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Nephrology Dialysis Transplantation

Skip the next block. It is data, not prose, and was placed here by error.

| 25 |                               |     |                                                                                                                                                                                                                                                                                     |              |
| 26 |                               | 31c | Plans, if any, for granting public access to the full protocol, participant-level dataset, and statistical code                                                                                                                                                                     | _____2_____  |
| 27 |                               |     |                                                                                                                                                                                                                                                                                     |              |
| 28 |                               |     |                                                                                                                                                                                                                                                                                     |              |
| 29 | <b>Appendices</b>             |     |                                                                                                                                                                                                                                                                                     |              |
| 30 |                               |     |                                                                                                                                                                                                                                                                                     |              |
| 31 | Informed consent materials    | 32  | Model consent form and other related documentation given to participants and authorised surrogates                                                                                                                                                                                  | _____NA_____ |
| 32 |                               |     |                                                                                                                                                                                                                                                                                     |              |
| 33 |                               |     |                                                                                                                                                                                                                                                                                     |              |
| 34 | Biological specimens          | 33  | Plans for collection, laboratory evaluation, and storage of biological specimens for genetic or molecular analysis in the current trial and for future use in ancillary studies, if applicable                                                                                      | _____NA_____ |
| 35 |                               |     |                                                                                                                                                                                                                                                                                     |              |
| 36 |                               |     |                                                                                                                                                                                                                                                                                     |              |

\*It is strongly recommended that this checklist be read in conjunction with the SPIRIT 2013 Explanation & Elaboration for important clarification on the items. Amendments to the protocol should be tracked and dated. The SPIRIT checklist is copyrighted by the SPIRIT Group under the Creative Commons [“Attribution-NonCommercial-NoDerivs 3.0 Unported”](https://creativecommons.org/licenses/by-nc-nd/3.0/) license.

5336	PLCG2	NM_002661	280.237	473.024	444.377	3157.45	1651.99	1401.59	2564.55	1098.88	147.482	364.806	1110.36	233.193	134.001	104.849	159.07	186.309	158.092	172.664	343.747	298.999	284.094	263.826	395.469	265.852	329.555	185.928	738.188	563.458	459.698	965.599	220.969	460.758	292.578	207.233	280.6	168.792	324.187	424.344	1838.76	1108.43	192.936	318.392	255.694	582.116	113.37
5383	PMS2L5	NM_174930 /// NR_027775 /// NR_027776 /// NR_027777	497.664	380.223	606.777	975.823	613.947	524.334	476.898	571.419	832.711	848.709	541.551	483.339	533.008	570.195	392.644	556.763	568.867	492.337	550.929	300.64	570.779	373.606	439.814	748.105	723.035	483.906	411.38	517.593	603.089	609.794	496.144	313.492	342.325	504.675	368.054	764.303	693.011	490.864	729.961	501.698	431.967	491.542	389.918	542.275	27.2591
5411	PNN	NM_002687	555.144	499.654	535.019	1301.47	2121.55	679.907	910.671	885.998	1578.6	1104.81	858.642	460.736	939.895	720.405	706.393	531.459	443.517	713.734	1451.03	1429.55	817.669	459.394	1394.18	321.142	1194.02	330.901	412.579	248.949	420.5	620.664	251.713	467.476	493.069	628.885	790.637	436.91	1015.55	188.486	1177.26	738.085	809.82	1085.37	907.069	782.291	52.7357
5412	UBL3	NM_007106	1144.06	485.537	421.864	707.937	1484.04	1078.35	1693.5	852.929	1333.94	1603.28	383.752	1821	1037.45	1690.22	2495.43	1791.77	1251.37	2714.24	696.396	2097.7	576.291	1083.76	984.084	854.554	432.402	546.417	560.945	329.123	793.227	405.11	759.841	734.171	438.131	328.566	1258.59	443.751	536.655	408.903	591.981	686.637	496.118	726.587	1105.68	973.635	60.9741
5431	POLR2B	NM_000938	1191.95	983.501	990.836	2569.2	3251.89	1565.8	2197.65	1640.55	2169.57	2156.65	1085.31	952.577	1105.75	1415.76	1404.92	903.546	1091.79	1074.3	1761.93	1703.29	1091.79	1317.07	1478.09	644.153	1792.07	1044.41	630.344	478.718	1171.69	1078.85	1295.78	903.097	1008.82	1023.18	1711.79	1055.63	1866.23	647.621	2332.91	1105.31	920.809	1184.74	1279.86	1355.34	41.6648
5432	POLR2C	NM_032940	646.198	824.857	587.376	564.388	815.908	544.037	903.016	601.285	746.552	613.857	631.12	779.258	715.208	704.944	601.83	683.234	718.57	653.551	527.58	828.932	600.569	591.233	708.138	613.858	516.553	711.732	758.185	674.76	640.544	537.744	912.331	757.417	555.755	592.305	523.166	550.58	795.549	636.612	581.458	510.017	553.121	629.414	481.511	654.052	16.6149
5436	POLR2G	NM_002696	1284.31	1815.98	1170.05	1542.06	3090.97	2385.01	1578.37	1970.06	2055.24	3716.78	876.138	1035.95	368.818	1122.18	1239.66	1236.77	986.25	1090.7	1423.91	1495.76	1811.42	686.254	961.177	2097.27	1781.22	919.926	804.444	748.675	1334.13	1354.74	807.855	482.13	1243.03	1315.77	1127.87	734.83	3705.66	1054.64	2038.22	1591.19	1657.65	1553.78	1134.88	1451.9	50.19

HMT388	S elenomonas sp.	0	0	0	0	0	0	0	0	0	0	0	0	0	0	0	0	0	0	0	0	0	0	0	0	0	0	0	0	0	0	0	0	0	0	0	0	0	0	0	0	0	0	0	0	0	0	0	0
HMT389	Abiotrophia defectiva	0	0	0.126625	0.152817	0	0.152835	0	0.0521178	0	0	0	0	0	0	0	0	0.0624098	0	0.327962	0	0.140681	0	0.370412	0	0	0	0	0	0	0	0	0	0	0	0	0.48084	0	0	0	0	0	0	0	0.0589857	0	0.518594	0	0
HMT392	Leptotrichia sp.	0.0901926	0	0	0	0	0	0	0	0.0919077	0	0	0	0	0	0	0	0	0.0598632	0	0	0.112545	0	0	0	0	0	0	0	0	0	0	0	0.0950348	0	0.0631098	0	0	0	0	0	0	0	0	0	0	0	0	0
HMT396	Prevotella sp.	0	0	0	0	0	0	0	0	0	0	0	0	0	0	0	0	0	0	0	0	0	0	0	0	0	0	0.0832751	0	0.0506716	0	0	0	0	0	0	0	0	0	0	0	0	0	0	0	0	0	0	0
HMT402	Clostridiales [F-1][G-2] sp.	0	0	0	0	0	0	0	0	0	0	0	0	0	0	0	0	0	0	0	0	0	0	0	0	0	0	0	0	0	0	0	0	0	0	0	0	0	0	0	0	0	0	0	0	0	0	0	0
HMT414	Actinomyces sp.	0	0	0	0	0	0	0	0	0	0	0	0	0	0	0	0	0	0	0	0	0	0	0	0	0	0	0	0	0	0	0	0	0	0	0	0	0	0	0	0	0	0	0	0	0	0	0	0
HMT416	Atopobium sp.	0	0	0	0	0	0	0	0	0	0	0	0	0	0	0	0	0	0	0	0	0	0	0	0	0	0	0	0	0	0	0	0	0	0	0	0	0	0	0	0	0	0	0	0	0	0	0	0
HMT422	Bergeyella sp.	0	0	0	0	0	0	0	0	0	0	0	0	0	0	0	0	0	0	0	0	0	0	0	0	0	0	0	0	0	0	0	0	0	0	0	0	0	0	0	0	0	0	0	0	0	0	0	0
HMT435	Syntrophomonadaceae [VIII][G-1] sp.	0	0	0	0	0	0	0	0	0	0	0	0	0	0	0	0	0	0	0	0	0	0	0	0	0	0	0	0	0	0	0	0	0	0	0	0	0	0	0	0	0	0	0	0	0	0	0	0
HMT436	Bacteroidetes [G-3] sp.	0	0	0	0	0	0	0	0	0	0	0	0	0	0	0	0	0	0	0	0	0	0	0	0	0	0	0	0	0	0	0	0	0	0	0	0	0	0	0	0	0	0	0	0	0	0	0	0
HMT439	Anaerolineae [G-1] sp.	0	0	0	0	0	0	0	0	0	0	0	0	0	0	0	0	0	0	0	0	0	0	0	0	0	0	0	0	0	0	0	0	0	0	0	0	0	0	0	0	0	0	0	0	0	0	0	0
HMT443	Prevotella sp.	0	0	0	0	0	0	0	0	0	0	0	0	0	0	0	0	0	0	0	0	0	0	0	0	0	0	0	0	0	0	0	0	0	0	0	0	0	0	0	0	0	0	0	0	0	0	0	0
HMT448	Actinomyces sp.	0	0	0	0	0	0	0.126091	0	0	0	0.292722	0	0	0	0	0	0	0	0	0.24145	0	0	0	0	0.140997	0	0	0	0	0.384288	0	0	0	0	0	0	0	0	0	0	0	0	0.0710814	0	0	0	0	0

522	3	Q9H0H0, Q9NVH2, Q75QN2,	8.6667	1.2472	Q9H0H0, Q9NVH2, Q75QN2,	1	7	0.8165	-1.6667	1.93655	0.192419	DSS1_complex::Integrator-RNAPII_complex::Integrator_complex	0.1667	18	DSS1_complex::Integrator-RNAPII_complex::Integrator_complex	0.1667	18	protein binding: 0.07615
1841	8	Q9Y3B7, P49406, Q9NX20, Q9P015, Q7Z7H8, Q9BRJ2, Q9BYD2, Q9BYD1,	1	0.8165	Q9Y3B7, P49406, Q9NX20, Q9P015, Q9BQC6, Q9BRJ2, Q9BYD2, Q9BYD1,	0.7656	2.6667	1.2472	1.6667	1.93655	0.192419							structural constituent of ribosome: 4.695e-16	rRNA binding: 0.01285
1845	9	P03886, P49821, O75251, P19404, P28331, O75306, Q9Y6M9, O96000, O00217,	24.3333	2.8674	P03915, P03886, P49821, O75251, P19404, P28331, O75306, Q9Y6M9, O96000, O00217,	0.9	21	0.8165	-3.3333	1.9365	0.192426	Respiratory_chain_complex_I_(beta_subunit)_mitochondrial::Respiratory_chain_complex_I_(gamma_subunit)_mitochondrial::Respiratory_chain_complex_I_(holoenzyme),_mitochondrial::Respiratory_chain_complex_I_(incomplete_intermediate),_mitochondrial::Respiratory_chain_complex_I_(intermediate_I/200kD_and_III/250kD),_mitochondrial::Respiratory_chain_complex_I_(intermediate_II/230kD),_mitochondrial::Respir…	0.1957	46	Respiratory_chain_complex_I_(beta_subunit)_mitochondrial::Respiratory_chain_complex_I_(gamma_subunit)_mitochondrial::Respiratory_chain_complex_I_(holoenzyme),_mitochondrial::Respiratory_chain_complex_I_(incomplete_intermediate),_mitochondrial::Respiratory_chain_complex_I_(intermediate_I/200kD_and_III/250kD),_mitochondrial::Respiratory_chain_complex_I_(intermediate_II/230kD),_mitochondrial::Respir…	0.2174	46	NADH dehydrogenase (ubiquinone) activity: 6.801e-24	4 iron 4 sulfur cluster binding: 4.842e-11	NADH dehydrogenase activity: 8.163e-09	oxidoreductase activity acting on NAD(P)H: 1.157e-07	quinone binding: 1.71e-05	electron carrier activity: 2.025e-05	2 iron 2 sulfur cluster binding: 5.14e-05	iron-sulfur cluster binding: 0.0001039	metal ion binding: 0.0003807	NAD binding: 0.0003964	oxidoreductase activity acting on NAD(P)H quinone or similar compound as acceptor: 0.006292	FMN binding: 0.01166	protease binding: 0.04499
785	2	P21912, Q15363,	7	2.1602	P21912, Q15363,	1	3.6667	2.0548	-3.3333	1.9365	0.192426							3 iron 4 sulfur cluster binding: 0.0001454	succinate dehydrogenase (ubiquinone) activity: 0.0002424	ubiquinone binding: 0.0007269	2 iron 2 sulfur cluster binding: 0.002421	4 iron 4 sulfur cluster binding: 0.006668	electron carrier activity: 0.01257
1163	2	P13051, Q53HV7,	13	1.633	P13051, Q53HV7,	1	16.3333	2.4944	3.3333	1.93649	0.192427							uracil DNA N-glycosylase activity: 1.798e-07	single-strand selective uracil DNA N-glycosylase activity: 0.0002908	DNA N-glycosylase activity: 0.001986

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  • 1. Nephrol Dial Transplant (1998) 13: 1221–1225 Nephrology Dialysis Original Article Transplantation Laparoscopic nephrectomy: comparison of dialysis and non-dialysis patients Paolo Fornara, Christian Doehn, Gianpiero Miglietti, Lutz Fricke1, Jurgen Steinhoff1, Klaus Sack1 ¨ and Dieter Jocham Department of Urology, and 1Department of Internal Medicine, Medical University of Lubeck, Lubeck, Germany ¨ ¨ Abstract Introduction Background. Laparoscopy is believed to result in pos- sible clinical benefits for the patient. We report our Laparoscopic nephrectomy was first performed in 1990 experience with renal laparoscopy in dialysis patients by Clayman and colleagues [1]. Since then, many and compare the results with those from non-dialysis urological centres have adopted this minimally invasive patients. technique. Most complications of laparoscopic neph- Methods. Between December 1994 and April 1997, 19 rectomy occur during the postoperative period [2,3]. dialysis patients underwent laparoscopic nephrectomy A potential problem is bleeding during laparoscopy or nephroureterectomy at our hospital. The group that requires adequate control and, if not controlled consisted of 11 female and eight male patients (mean during laparoscopy, immediate laparotomy. This age 45 years). In nine patients the indication for bleeding has been shown to occur in 0.93 cases per nephrectomy was chronic pyelonephritis. Nephro- 10 000 gynaecological laparoscopies [4,5]. ureterectomy for vesicoureteral reflux with recurrent Little is known about renal laparoscopy in dialysis episodes of pyelonephritis or analgesic nephropathy patients. These patients are thought to possibly have for exclusion of transitional cell carcinoma of the an affected blood clotting system with increased occur- upper urinary tract was considered in nine other rences of both bleeding and thrombosis when patients. Laparoscopic bilateral nephrectomy for drug- compared with non-dialysis patients. Bleeding, spon- resistant hypertension was performed in one patient. taneously or from tissue traumatization, is mainly In comparison, a consecutive group of non-dialysis associated with platelet dysfunction and reduced capil- patients who had undergone renal laparoscopy was lary resistance [6,7]. Thrombosis may be evident, reviewed. however, due to arteriosclerosis, hypercoagulation or Results. In the dialysis group, one patient had to be hypofibrinolysis [8,9]. converted to open nephrectomy due to bleeding. Six In this paper we report our experience with 19 dialysis patients required blood transfusions compared dialysis patients who underwent laparoscopic nephrec- with none in the non-dialysis group. There were four tomy for benign diseases at the Medical University of complications in the dialysis group and two in the Lubeck and compare the results with those from non- ¨ non-dialysis group. Both groups had comparable dialysis patients. results for operative times, analgesic consumption, postoperative start of oral intake and mobilization, and duration of hospitalization and convalescence. Subjects and methods Conclusions. Laparoscopic nephrectomy in dialysis patients has acceptable results. The higher transfusion Patients rate is probably due to a lower preoperative haemo- globin and is not aggravated by possible affects of the Between December 1994 and April 1997, 19 dialysis patients clotting system in patients with chronic uraemia. underwent laparoscopic nephrectomy or nephroureterectomy for various benign diseases at our institution (Table 1). The group comprised 11 female and eight male patients with a Key words: bleeding; complications; haemodialysis; mean age of 45 years (range, 24–70). The mean duration of laparoscopy; nephrectomy; nephroureterectomy; haemodialysis was 60 months (range, 6–180). Four patients uraemia had previously undergone renal transplantation but had lost allograft function due to chronic rejection. No patient received immunosuppressive medication at the time of Correspondence and offprint requests to: Paolo Fornara, M. D., laparoscopy. Deputy Director, Department of Urology, Medical University of Twelve patients had either laparoscopic nephrectomy (n= Lubeck, Ratzeburger Allee 160, D-23538 Lubeck, Germany. ¨ ¨ 9) or nephroureterectomy (n=3) for chronic pyelonephritis © 1998 European Renal Association–European Dialysis and Transplant Association